Cost of living in Canada may mean winter tires are put on ice. Here’s why

Click to play video: 'Cost of living in Canada may put winter tires on ice. Here’s why'
Cost of living in Canada may put winter tires on ice. Here’s why
WATCH: 1 in 3 Canadians say they're less likely to get winter tires. Here's why – Nov 13, 2023

With winter just around the corner for Canadians, many are likely dreading the age-old problem of driving in snow, but a new study shows one in three are considering not investing in winter tires due to the ongoing cost of living crisis facing the country.

The Canadian Consumer Winter Tire Study, conducted by Leger and commissioned by the Tire and Rubber Association of Canada (TRAC), found that while a large majority of the country use the tires equipped for snowy and icy roads, there’s still 31 per cent who say they’re facing costs that make winter tires a difficult purchase to make.

The study does note even with that difficulty, a large majority — 85 per cent — believe winter tires are an important investment despite that rising cost of living, meaning it may put some at odds with whether to invest or not.

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“People are concerned about their finances, but also they recognize the advantages of winter tires on Canadian roads,” Michal Majernik, manager of communications with TRA Canada said in an interview.

That advantage was shown in the study, with 81 per cent of Canadians driving with winter tires noting they felt they saved them from either an accident or losing control of their vehicle when on snowy or slippery roads.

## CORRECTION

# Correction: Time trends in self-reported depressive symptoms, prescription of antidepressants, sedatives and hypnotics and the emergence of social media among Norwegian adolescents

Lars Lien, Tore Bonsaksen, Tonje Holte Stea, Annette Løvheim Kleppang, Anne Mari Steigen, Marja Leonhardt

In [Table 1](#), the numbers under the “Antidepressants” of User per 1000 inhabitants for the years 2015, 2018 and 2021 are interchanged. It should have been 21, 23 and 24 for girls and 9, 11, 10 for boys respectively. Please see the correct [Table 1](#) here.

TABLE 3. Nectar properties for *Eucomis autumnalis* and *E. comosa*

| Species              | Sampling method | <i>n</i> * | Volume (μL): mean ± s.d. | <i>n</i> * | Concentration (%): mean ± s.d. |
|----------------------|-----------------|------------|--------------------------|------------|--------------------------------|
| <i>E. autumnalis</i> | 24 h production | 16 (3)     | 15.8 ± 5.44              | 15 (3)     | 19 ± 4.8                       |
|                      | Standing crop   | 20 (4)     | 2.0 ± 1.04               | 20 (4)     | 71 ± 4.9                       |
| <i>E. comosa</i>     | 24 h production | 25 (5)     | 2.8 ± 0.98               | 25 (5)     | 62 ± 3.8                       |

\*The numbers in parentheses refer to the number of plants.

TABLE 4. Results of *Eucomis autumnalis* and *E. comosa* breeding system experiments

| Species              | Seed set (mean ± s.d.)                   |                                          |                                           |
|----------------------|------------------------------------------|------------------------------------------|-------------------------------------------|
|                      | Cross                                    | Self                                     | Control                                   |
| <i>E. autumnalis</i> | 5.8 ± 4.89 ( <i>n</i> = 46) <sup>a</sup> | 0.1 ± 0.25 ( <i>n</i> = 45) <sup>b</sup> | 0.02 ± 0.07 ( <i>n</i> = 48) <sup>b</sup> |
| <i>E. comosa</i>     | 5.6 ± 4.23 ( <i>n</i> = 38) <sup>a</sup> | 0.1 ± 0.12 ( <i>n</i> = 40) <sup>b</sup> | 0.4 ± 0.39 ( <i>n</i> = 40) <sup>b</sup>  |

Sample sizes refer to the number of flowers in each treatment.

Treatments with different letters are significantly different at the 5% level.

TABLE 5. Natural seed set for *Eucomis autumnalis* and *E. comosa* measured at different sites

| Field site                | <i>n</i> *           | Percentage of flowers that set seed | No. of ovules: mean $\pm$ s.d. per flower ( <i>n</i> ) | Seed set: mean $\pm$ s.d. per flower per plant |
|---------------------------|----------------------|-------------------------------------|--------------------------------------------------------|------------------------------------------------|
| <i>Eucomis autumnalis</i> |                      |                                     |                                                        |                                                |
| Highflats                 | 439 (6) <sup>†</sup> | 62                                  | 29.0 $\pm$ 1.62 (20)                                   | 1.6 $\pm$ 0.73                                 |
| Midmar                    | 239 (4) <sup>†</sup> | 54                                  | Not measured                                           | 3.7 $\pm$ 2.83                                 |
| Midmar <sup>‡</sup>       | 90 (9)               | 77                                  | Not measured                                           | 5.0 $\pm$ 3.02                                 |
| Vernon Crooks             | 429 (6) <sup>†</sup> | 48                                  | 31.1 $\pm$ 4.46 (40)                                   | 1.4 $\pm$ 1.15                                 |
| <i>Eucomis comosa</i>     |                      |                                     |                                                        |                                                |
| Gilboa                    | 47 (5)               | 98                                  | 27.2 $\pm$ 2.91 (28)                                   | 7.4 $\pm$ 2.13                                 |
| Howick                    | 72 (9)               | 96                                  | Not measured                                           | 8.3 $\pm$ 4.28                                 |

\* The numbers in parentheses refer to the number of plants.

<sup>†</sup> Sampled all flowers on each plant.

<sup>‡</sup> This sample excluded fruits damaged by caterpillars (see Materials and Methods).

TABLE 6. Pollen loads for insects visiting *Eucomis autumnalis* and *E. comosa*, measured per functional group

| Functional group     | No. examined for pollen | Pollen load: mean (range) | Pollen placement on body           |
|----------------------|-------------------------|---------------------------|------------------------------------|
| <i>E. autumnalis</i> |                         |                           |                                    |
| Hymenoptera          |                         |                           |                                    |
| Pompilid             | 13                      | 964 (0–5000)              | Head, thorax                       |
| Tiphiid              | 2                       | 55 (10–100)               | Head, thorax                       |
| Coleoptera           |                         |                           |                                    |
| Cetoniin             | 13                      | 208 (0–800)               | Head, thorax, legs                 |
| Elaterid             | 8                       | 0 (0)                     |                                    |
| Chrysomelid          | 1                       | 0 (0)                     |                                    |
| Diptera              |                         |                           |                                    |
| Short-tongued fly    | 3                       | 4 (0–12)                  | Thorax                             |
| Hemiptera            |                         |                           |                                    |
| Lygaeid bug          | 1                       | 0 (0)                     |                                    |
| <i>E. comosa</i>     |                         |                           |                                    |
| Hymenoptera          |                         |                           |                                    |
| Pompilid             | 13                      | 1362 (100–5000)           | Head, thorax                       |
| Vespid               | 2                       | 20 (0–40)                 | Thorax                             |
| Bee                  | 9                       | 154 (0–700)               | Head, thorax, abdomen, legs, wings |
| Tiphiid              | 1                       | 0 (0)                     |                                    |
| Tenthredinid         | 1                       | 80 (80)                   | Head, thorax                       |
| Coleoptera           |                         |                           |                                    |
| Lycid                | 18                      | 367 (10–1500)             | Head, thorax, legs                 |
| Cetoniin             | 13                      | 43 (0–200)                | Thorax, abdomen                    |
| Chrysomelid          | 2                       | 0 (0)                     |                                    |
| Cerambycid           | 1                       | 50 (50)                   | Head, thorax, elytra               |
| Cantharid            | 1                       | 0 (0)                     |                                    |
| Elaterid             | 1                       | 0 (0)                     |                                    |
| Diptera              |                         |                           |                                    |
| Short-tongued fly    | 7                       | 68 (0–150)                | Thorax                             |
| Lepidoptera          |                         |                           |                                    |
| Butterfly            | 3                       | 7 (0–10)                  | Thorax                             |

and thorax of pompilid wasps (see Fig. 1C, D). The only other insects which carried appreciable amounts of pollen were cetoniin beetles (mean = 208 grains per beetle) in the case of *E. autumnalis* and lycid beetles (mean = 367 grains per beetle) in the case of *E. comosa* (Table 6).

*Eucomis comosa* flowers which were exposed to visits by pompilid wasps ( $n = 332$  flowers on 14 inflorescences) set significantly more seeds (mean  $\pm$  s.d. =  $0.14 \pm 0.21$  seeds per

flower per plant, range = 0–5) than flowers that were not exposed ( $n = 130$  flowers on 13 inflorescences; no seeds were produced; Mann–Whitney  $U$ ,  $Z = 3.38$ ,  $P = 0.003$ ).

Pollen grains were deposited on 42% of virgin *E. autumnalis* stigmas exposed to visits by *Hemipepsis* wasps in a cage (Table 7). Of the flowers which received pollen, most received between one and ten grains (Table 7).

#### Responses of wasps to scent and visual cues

Majernik said Canadians are aware that winter tires work and as Canadians continue to face more severe weather, including snowstorms, knowing what tools they can use can be helpful, though amid ongoing inflation it’s not without issue.

“We have more severe storms perhaps and we do have winter tires and Canadians are aware that winter tires will work and they provide the safety advantages when driving in inclement weather,” he said.

“At the same time, we are sort of facing the issues of finding money to stay safe on the roads. It’s a perfect storm in some ways, I guess.”

Recent polling conducted exclusively for Global News last month by Ipsos Public Affairs shows Canadians are cutting back on various costs due to cost of living including holiday gifts and travel. The poll found nearly 80 per cent said inflation and rising interest rates have had a “significant” impact on holiday budgets. Another 77 per cent saying they don’t plan on travelling over the holiday period with a majority again pointing to inflation.

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Click to play video: 'Winter tire wisdom with Carl Nadeau'
Winter tire wisdom with Carl Nadeau

Earlier this month, Statistics Canada also reported one in three Canadians say they are living in households with financial difficulties with people aged 15 and older reporting they were having difficulty paying for even necessary expenses such as transportation, housing, food and clothing throughout October. In addition to that, 41.3 per cent of renters said they were more likely to struggle financially compared with those living in a residence owned by a mortgage holder.